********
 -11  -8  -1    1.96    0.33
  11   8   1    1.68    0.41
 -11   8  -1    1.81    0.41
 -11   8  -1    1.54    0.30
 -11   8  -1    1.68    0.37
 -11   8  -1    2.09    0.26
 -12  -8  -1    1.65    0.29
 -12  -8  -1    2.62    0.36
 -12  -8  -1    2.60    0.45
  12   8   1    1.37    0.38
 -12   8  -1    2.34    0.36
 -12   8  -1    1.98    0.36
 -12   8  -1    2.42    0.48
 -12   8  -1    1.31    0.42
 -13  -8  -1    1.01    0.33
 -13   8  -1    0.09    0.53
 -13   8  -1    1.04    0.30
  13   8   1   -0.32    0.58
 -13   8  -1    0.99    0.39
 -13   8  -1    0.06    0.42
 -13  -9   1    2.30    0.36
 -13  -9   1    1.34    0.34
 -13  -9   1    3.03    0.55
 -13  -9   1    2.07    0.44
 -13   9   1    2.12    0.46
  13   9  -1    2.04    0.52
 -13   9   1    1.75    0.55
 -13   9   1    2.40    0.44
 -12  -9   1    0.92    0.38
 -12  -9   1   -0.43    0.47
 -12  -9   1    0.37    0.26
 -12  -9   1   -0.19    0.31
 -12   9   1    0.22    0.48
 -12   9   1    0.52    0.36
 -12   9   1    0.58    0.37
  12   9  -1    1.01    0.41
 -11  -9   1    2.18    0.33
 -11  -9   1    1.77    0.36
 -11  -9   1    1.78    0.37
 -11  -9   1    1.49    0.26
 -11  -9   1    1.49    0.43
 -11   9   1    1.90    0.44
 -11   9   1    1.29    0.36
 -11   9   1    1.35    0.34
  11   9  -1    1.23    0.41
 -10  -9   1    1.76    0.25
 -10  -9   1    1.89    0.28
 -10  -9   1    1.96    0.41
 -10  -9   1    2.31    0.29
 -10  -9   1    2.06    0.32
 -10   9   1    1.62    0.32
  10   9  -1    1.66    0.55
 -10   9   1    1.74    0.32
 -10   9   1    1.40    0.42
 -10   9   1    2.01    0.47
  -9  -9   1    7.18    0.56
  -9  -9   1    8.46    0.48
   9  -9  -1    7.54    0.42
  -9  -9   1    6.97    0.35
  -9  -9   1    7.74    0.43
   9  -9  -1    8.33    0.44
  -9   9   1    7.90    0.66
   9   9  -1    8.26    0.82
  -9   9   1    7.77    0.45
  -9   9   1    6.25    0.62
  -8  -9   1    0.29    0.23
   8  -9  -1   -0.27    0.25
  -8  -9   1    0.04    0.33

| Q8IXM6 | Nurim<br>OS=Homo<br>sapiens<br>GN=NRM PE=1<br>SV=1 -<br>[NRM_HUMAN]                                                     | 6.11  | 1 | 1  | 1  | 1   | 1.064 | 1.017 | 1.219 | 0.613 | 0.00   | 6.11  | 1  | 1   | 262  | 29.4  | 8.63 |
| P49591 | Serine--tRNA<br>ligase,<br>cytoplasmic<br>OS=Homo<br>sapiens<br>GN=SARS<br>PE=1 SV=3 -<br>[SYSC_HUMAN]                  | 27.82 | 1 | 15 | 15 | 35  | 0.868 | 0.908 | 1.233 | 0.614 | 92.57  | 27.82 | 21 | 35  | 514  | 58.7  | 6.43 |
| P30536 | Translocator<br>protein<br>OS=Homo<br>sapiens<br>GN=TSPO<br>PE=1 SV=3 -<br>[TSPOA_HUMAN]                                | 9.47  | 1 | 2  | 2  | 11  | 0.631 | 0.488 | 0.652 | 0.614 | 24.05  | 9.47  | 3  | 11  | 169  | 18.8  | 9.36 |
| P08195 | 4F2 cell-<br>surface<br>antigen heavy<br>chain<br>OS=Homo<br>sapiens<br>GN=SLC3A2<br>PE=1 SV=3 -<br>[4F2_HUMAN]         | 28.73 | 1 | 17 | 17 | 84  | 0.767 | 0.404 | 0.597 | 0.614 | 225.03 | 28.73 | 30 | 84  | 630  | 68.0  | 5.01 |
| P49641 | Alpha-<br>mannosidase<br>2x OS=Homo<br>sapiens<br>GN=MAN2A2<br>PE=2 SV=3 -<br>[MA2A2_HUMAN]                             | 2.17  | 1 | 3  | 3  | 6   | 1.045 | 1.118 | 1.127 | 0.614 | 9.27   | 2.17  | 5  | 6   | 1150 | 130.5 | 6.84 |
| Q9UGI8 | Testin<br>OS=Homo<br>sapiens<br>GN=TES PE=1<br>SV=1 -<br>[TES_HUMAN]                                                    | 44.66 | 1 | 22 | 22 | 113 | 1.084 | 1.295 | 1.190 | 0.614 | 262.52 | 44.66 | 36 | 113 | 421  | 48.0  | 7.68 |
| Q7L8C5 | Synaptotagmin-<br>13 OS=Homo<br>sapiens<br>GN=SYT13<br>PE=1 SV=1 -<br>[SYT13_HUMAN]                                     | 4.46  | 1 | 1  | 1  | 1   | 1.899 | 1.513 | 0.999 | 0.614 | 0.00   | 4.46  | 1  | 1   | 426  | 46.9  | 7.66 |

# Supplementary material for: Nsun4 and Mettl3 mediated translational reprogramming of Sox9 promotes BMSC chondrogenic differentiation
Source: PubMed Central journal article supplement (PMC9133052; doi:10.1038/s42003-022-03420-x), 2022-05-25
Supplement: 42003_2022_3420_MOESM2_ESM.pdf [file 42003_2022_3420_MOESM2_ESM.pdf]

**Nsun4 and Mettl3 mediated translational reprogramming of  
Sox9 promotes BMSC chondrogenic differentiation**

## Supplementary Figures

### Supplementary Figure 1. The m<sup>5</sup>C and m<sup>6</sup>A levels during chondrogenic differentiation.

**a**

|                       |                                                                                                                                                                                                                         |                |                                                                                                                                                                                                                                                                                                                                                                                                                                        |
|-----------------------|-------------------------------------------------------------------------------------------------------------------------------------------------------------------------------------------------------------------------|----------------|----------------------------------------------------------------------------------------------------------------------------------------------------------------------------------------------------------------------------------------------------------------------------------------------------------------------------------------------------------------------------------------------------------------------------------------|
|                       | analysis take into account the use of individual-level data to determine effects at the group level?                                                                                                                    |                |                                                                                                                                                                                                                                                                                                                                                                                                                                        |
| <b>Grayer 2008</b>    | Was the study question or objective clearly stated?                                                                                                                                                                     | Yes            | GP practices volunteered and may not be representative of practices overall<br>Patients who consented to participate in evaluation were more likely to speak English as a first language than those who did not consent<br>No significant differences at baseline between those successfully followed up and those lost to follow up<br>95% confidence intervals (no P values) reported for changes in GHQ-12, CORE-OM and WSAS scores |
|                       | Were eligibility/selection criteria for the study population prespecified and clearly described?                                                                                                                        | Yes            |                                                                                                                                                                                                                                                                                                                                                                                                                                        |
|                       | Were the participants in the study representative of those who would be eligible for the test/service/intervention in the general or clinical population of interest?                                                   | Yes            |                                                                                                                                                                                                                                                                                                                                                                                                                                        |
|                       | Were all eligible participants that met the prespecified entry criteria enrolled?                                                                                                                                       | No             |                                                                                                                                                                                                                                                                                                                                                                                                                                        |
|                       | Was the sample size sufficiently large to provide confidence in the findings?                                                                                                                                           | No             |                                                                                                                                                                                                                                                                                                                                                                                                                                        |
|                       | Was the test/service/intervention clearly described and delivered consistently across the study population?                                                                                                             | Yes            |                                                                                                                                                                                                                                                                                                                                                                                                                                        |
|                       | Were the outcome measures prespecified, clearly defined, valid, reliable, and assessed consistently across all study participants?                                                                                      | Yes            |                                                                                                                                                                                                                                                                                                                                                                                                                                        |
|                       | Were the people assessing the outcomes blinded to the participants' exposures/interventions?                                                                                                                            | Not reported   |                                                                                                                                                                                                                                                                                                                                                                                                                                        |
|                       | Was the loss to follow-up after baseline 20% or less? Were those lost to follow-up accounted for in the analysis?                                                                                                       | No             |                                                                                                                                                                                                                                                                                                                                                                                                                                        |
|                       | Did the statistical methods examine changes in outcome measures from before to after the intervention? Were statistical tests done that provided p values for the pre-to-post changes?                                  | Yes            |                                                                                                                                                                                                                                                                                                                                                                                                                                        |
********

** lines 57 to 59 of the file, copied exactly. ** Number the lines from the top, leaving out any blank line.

  -9  -9   1    8.46    0.48
   9  -9  -1    7.54    0.42
  -9  -9   1    6.97    0.35